web equally to the top and bottom of the girder. The load distributed to the top of the girder is
directly carried into the deck with no effect on the girder. The load effect in the deck itself is
typically ignored, as the deck is assumed to act as a wide (deep) horizontal diaphragm for

16
transfer of the wind loads to supports. The support shear connectors and diaphragms transfer the
wind load, as they do transverse seismic loads, to the bearings (if non-integral supports are used)
and the substructure.

The wind load distributed to the bottom of the girder is applied to the bottom flange as a
transverse distributed load along the length of the girder. The bottom flange may be modeled as a
continuous beam on multiple pinned supports (because the cross frames are relatively stiff) and
the resulting lateral flange bending stresses are based upon the lateral flexural bending moment.
These stresses are superposed, typically according to the one-third rule, with the girder flange
primary bending stresses due to gravity loads and thus included in the girder design as
appropriate. In many cases it can be shown that these added lateral flange bending stresses do not
control the design due to the nature of the load factors in the AASHTO load combinations.
Section 3 of the AASHTO LRFD (5th Edition, 2010) (1) includes these stresses in the load
effects and outlines their application in detail for various limit states.

The reactions at each cross frame are calculated and applied as loads to the cross frames. The
cross frames act to transfer this load to the top of the next adjacent girder via either truss action
or shear diaphragm action depending on whether the cross frame is a truss cross frame or a plate-
like member (e.g., a channel, bent plate, or deep W-section). Again, the load transferred to the
top of the girder is assumed to be directly transferred into the deck as previously described. The
loads induced in the cross frames are added to any other load effects as appropriate. In the case
of straight, non-skewed girders, this wind load is often the only quantified load in the
intermediate cross frame analysis. (Transverse seismic load is of interest for support cross
frames, as discussed below.)

In some cases, it may be appropriate to include the wind load effects directly in the main
superstructure analysis. Wind load may have a more pronounced influence on the girder design
in long span, deep girders, or girders with unusual framing plans or unusual substructure
conditions. Experience and engineering judgment are required in determining when it may be
appropriate to include wind loading directly in the main girder design.

Evaluation of the construction sequence should address wind load effects. Often, large parts of a
steel girder bridge are erected and exposed to wind loading prior to deck placement and often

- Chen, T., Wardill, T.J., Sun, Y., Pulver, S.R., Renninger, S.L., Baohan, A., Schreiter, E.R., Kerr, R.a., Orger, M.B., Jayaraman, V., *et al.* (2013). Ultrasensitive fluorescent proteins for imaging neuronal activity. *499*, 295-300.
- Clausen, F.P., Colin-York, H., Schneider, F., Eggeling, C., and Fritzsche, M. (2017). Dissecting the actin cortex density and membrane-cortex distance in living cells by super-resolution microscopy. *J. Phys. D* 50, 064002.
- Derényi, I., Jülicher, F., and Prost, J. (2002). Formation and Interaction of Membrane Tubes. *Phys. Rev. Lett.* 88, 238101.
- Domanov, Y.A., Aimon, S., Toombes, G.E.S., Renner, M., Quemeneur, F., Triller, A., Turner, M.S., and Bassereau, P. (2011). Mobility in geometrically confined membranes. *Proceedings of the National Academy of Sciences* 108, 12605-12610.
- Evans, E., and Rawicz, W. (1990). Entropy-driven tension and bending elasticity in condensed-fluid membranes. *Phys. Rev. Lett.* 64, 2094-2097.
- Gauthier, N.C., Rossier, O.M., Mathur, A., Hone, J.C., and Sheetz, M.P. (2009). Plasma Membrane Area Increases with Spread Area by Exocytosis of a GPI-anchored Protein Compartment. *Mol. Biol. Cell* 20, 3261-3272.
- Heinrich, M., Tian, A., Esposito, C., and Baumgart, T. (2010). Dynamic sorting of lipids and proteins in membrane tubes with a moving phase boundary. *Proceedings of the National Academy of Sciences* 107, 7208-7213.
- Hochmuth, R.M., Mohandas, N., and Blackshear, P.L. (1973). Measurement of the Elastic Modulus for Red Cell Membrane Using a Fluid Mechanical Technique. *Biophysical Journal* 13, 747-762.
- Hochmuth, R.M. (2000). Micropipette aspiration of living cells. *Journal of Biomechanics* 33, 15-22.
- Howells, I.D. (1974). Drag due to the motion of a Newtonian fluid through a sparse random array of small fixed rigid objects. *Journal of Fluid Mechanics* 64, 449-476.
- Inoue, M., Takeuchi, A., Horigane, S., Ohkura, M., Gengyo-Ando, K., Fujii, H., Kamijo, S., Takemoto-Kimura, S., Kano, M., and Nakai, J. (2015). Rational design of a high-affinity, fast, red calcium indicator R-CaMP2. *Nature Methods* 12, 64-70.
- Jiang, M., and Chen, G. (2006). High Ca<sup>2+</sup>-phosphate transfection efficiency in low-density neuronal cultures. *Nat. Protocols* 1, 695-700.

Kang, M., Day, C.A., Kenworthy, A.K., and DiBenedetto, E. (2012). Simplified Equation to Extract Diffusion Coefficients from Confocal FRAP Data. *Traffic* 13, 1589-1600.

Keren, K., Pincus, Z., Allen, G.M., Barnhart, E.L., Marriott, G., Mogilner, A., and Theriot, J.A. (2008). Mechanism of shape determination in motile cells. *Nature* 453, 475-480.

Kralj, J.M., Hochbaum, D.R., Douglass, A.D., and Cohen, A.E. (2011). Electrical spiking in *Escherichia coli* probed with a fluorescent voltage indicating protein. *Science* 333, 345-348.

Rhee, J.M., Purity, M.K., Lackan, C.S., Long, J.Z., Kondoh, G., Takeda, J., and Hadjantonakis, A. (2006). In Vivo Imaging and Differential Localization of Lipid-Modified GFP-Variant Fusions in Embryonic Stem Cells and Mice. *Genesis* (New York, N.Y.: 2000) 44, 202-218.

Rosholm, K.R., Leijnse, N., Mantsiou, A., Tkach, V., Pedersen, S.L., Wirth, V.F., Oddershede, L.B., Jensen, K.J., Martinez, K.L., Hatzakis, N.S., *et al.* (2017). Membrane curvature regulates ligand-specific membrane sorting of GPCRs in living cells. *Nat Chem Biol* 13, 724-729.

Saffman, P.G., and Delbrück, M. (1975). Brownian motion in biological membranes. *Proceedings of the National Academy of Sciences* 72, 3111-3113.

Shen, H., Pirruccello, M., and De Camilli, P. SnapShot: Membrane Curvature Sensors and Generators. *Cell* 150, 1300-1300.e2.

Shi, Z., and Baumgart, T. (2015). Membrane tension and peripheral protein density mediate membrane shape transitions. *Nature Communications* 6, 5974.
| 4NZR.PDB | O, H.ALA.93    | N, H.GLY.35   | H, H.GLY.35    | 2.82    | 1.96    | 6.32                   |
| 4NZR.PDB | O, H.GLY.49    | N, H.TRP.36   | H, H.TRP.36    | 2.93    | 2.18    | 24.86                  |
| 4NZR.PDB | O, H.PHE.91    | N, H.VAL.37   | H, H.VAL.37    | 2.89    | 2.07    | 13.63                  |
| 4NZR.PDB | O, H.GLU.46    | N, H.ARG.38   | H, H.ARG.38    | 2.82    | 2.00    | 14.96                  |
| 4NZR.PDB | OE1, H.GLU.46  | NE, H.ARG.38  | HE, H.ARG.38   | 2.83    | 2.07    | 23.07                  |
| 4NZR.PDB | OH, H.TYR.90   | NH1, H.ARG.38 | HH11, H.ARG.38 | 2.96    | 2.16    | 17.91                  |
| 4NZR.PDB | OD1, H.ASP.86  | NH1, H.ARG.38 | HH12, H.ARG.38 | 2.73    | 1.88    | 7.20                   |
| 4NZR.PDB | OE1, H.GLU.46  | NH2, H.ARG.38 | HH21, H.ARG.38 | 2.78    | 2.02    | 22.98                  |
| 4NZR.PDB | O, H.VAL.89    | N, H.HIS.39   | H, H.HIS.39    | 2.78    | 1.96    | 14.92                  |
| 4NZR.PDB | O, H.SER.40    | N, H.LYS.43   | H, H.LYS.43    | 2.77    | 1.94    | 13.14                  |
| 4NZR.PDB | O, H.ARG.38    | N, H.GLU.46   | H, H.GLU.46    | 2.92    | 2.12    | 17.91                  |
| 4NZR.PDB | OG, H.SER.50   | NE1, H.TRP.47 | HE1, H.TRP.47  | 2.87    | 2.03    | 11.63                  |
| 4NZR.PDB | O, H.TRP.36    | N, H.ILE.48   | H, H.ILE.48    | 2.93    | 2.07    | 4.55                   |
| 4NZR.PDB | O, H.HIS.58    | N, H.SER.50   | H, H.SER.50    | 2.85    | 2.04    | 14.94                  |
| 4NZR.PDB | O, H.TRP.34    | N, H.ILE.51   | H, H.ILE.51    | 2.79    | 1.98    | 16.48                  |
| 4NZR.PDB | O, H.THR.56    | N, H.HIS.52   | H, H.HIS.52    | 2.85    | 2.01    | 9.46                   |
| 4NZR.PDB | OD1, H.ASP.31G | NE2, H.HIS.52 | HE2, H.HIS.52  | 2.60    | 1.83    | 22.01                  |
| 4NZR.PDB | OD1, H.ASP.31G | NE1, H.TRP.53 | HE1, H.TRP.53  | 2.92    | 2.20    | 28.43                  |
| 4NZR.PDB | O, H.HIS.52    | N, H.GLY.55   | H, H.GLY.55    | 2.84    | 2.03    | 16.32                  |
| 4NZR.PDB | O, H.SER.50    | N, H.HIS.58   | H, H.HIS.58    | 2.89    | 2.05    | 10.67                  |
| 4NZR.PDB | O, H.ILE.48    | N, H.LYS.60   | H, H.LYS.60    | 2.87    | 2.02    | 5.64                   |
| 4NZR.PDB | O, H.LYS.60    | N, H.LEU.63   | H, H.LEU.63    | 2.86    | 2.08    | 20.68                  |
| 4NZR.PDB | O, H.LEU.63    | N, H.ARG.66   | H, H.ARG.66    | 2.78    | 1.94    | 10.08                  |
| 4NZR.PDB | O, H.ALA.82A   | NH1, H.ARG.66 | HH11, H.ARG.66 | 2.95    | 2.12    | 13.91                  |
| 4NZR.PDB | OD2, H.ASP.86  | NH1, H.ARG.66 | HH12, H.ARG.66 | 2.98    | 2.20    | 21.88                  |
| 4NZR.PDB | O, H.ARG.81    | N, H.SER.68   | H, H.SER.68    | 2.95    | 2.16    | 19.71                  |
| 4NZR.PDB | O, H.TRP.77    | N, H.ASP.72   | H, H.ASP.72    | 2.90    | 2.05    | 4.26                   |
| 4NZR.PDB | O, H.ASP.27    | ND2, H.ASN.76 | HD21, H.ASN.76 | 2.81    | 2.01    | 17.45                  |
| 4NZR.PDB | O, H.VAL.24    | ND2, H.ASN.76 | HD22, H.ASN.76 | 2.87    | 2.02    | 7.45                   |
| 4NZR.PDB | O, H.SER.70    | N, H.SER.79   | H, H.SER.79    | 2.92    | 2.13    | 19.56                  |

prior to complete installation of all girders and cross frames. Insufficiently braced girders can
suffer damage or even collapse due to wind loading during construction. Additionally, some
nominal deflection check under a normal wind should be conducted to insure that the entire
system is not so flexible as to jeopardize worker safety or create work delays.

2.7.3 Thermal Loads

Thermal effects can also cause loads in steel girders. Whether these loads are significant or
negligible depends on several factors such as the structural configuration of the bridge, fixity of
the bearings, and the nature of the thermal effects.

For example, in bridges with relatively simple framing plans and using bearings that freely allow
thermal expansion and contraction of the superstructure it is reasonable to neglect the effects of

17
routine temperature rise and fall in the design of the superstructure. But in bridges with complex
framing plans, the bearings may provide some restraint to thermal movements. Similarly, bridges
that feature unusual bearing conditions or bridges that use integral substructures may also present
cases where thermal movements are restrained and may induce internal loads and stresses.
Careful assessment of the restraints, particularly as a result of bearing type and configuration,
and their impact on thermally-induced loading effects is advised in such cases.

A thermal gradient is another potential cause of temperature-related loads. If, due to the nature of
the thermal effect or the nature of the structure, a thermal gradient occurs across the cross section
of a girder, internal stresses will develop. For example, if part of a girder is exposed to
significant solar radiation, while another part of the girder is shaded, the heated part of the girder
will expand relative to the shaded portion, causing internal stresses due to the variation of
temperature with depth.

2.7.4 Seismic Loads

For routine bridges seismic loads, like wind loads, are treated as equivalent static lateral loads.
These lateral loads in turn are a function of the seismicity of the site and the weight of the bridge.
All other things being equal, therefore, steel bridges have an inherent advantage seismically
since they typically weigh less than half of the concrete superstructure alternative.

There are two distinct philosophies for addressing seismic effects on structures: i) ductile
“capacity design,” and ii) seismic isolation. In ductile capacity design, each element in the
seismic load path must possess adequate resistance and ductility to transmit inertial loads from
the superstructure mass into the ground. For typical steel bridges, most of the mass is in the deck.
Thus, the transverse seismic load path over the supports consists of shear connectors,
diaphragms, bearings, substructures and their interconnections. In seismic isolation design, the